Published on October 1st, 2006
I spent the summer of 2006 in London attending a three-week course in microeconomics at the London School Of Economics and Political Science (LSE). Personally, I found simple microeconomics to be applicable in many areas of life and back in Aarhus I was wondering if I could use it to explain why it is so difficult to meet new people in Aarhus.
In this essay about provincialism I used (a simplified version of) George Akerlof‘s lemon theory to analyse the situation. When you meet a stranger somewhere you can never know as much about the person as someone you have known for years, so you have to evaluate if this person is worth talking to, or if you would be better of talking to someone else. For reasons of simplicity let’s say that there are only two kinds of people: interesting people and boring people. If the stranger actively tries to have a conversation with you, you might easily draw the conclusion that he doesn’t have enough friends for himself, and thus you can be fairly certain that he is a boring person, since nobody else wants to hang out with him either. All the interesting people already have enough friends, since they are so interesting.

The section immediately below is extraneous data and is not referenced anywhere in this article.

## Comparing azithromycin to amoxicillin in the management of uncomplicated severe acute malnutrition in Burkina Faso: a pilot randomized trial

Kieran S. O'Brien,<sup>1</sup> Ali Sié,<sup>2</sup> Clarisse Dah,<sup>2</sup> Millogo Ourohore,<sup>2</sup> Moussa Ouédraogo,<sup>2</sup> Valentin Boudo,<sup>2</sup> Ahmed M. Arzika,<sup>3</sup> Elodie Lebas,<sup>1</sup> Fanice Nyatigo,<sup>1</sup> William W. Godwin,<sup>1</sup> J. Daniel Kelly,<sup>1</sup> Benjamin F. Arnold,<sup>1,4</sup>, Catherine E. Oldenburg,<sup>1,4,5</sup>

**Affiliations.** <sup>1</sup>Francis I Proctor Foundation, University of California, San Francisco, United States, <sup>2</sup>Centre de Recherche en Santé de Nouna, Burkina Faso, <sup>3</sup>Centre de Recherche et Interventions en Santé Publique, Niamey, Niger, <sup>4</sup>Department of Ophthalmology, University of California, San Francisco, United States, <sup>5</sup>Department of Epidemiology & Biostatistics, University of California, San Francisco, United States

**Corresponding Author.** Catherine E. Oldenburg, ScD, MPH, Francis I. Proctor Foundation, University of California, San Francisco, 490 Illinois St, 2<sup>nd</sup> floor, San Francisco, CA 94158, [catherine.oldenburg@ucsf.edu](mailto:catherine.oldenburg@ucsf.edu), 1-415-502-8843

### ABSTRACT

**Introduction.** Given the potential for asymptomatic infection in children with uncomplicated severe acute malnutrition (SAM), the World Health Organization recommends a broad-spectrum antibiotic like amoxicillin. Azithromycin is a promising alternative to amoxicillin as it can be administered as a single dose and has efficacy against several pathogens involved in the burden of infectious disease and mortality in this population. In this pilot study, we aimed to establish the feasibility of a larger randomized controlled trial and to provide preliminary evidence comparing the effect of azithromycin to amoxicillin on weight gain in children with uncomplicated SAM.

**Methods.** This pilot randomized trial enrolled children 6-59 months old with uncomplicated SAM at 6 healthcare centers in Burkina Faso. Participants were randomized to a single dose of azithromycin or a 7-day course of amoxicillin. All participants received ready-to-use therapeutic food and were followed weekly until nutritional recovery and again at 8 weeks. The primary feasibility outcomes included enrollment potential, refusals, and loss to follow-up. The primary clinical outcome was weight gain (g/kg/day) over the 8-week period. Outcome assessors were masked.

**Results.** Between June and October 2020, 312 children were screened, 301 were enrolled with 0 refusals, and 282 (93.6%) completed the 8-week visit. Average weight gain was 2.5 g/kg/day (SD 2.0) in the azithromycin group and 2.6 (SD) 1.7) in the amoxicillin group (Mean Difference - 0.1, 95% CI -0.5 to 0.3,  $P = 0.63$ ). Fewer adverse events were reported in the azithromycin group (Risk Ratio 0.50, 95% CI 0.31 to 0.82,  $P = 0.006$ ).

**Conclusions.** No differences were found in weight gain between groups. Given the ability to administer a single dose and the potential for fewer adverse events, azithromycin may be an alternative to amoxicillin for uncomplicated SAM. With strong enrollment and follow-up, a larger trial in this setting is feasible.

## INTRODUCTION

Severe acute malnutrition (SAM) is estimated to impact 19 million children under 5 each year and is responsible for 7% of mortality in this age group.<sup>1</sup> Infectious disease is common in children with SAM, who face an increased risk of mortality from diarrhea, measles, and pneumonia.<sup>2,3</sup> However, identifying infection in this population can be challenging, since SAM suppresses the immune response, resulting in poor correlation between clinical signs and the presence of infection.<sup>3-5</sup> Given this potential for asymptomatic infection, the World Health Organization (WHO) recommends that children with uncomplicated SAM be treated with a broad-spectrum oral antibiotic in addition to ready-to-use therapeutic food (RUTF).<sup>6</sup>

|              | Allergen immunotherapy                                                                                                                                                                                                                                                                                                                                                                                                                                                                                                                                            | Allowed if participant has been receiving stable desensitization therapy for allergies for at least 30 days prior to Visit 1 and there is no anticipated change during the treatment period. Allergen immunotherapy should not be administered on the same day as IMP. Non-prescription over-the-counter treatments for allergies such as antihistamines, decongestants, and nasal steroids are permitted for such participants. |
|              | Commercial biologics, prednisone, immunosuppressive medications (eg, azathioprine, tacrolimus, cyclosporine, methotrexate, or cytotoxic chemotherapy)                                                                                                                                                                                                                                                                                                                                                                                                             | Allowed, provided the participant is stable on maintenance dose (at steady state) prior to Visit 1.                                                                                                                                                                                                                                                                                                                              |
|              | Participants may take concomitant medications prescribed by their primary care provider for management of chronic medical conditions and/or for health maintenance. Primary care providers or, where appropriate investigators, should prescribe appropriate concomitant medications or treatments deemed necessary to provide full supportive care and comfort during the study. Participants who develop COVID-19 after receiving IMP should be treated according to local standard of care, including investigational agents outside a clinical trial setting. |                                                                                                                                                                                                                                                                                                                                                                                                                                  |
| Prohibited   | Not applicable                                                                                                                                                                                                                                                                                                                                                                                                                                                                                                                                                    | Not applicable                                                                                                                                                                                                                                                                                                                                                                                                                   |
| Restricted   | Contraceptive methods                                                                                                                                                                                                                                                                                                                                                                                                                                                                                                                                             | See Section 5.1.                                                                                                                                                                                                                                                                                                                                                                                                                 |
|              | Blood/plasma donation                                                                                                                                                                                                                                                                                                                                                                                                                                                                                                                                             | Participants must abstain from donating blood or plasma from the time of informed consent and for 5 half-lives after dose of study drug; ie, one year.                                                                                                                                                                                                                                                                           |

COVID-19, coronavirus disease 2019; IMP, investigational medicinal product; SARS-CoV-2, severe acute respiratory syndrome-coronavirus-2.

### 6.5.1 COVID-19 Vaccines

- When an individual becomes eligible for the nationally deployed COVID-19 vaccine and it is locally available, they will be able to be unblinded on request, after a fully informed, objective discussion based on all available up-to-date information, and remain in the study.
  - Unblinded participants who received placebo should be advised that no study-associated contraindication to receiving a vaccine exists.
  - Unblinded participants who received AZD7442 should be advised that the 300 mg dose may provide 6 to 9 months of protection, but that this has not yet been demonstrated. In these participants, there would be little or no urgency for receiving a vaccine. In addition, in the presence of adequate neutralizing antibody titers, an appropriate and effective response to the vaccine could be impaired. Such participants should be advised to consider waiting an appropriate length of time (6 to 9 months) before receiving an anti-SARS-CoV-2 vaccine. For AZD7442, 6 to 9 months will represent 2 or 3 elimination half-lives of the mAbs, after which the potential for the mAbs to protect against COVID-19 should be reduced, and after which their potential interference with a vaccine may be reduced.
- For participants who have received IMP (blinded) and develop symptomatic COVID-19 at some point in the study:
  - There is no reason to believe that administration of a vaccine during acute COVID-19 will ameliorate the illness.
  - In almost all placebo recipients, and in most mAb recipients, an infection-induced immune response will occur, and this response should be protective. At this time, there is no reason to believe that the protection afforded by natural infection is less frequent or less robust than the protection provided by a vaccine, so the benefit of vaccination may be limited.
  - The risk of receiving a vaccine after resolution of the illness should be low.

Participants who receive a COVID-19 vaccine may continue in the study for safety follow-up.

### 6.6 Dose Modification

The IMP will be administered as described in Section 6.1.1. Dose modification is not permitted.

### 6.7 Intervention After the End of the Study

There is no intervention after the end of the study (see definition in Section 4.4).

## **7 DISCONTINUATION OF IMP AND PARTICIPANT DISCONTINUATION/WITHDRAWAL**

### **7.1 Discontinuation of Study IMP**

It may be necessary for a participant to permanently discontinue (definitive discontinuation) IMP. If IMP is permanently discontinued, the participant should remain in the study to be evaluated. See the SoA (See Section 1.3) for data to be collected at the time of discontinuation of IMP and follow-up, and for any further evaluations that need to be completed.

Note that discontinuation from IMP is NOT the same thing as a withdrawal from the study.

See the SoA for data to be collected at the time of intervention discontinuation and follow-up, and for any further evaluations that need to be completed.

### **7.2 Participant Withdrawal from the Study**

This is clearly not how it actually happens inside one’s head. However, microeconomic theory was never meant to predict thought – only behavior on a statistical level of generality. In this sense, the theory fits quite well: everyone in Aarhus seems to be going out with their own friends all the time, and if you try to talk to someone you don’t know, they will often perceive of you as strange and rather suspicious.
The essay was published in the October 2006 issue of Delfinen (#127).
Read the full text. (Danish only)